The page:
Ms. Lough: This is like some new-age dungeon. I hate being confined. I hate being locked up like this. Just look at the people here. Have you ever seen so many miserable people in one place in your life? I can't even get a decent cup of coffee.
Dr. Balis: I'm surprised. I thought coffee was the one drug they pushed here.
Ms. Lough: No, they save the coffee for the alcoholics. All we get is herbal tea that tastes like horse piss. Not even a diet Pepsi--it's endless apple juice.
Dr. Balis: Have you participated in any of the group sessions? You'll make greater progress if you take an active role in your recovery.
Ms. Lough: Look, Doctor, I don't want to sit with a group of whiners and spill my heart out about my unhappy childhood and all that other crap. And I would have to hug some blubbering idiot. I hate hugging people. It's a plague. It's the scourge of the late 20th century. Do you know Leo Buscaglia?
Dr. Balis: Hmm.
Ms. Lough: Look, I knitted a fucking potholder. That's something, isn't it?
Dr. Balis: It's a good idea to keep your hands busy.
Ms. Lough: So I won't claw my eyes out, or attack the other inmates, or try to find a means of escape?
Dr. Balis: You're quite angry.
Ms. Lough: You said I'd only be here a week. Why would you lie to me like that?
Dr. Balis: The purpose in your coming here was to get off drugs. Judging by your demeanor...
Ms. Lough: My demeanor? What the fuck is wrong with my demeanor?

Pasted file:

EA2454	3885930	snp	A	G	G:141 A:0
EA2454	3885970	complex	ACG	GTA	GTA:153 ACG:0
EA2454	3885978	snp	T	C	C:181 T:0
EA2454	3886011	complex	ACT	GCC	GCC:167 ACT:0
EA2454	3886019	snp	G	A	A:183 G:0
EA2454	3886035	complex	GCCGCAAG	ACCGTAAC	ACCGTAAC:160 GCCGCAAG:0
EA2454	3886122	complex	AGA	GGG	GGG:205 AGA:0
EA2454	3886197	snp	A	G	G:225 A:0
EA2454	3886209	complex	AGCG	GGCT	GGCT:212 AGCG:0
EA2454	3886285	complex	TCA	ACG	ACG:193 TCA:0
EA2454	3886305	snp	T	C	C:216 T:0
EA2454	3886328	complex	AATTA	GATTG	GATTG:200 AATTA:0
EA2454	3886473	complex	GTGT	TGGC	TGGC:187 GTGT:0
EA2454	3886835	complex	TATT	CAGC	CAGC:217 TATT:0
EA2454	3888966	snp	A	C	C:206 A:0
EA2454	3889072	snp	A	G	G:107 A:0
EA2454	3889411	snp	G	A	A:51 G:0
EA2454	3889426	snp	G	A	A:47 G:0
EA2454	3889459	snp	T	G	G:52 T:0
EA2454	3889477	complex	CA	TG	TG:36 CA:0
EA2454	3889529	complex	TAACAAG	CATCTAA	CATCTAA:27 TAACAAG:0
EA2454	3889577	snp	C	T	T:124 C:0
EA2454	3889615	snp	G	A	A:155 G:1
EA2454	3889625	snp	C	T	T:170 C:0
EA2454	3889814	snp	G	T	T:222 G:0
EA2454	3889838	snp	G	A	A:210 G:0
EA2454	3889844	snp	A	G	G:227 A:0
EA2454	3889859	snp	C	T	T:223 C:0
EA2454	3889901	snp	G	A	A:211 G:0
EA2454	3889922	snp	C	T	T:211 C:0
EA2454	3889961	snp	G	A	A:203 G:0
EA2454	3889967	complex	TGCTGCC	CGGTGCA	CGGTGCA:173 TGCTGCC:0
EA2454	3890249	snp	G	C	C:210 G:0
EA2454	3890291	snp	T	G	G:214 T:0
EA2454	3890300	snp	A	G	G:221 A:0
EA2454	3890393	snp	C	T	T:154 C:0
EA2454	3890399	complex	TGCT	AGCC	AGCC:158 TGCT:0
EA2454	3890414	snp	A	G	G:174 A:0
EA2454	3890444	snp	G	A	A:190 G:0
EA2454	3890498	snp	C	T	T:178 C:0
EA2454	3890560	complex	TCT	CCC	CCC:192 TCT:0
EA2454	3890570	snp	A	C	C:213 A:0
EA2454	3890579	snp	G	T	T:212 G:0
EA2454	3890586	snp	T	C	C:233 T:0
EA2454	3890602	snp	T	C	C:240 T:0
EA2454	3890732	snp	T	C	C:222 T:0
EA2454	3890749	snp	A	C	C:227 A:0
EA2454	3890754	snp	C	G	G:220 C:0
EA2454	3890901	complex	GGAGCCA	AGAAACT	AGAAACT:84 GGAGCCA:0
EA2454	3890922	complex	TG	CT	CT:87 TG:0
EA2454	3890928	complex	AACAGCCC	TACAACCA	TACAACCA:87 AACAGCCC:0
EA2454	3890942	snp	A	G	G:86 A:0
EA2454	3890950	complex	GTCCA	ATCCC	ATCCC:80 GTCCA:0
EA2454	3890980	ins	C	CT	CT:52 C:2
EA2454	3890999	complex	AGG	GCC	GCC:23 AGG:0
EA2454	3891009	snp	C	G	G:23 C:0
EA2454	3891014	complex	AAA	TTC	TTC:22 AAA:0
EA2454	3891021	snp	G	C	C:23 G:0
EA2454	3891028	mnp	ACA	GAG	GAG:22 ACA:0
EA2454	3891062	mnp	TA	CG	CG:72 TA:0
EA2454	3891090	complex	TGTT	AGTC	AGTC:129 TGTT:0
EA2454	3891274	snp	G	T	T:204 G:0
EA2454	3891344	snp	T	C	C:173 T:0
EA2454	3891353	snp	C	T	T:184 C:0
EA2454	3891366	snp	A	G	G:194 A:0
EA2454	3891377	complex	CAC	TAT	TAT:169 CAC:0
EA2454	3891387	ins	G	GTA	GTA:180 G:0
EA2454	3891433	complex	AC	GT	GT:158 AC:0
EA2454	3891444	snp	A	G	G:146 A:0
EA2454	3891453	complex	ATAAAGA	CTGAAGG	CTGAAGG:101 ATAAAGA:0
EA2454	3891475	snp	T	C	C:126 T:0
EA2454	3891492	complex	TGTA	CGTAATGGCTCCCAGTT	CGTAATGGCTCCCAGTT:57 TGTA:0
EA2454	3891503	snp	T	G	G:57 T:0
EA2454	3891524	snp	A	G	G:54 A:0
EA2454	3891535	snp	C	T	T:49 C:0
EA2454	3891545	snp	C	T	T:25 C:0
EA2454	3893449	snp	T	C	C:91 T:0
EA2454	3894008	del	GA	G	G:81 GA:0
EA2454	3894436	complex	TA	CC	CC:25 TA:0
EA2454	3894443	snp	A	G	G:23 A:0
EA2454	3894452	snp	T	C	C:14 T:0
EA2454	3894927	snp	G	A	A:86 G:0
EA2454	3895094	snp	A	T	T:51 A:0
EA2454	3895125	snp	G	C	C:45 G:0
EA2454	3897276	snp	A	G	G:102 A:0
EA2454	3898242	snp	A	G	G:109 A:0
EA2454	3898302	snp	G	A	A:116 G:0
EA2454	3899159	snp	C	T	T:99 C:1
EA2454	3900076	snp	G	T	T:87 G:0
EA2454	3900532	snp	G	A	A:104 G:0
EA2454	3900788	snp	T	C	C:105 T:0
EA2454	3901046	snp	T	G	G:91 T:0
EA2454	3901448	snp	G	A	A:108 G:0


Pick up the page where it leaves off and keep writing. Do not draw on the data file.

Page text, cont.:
Dr. Balis: You're still in drug withdrawal. I talked to the staff here, and we all think it would be best for you to stay a bit longer.
Ms. Lough: "A bit longer?" You're being deliberately vague. I don't like the idea that you were all talking about me behind my back, plotting against me. You're planning to keep me here forever, aren't you?
Dr. Balis: No, Sharon. No one is trying to keep you here indefinitely. I talked to the other staff members to evaluate your progress. It's fairly routine.
Ms. Lough: Why didn't you just ask me? I would have told you I was doing fine.
Dr. Balis: You're not in a postion to be able to make objective judgements.
Ms. Lough: So now you're accusing me of lying.
Dr. Balis: Addicts are very poor judges of their abilities to control their addiction. I need objective data. You were able to stay off drugs for a week, and considering the extent of your substance abuse, that's quite remarkable. But if I approve your release now, there's a good chance that you'll go back to using drugs again. I want you to be committed to staying off drugs.
Ms. Lough: Okay, I'm committed.
Dr. Balis: Then stay here for another week.
Ms. Lough: Fuck, no!
Dr. Balis: Just stay this weekend then. Stay until Monday.
Ms. Lough: This is all a big lie. You're not going to let me out on Monday.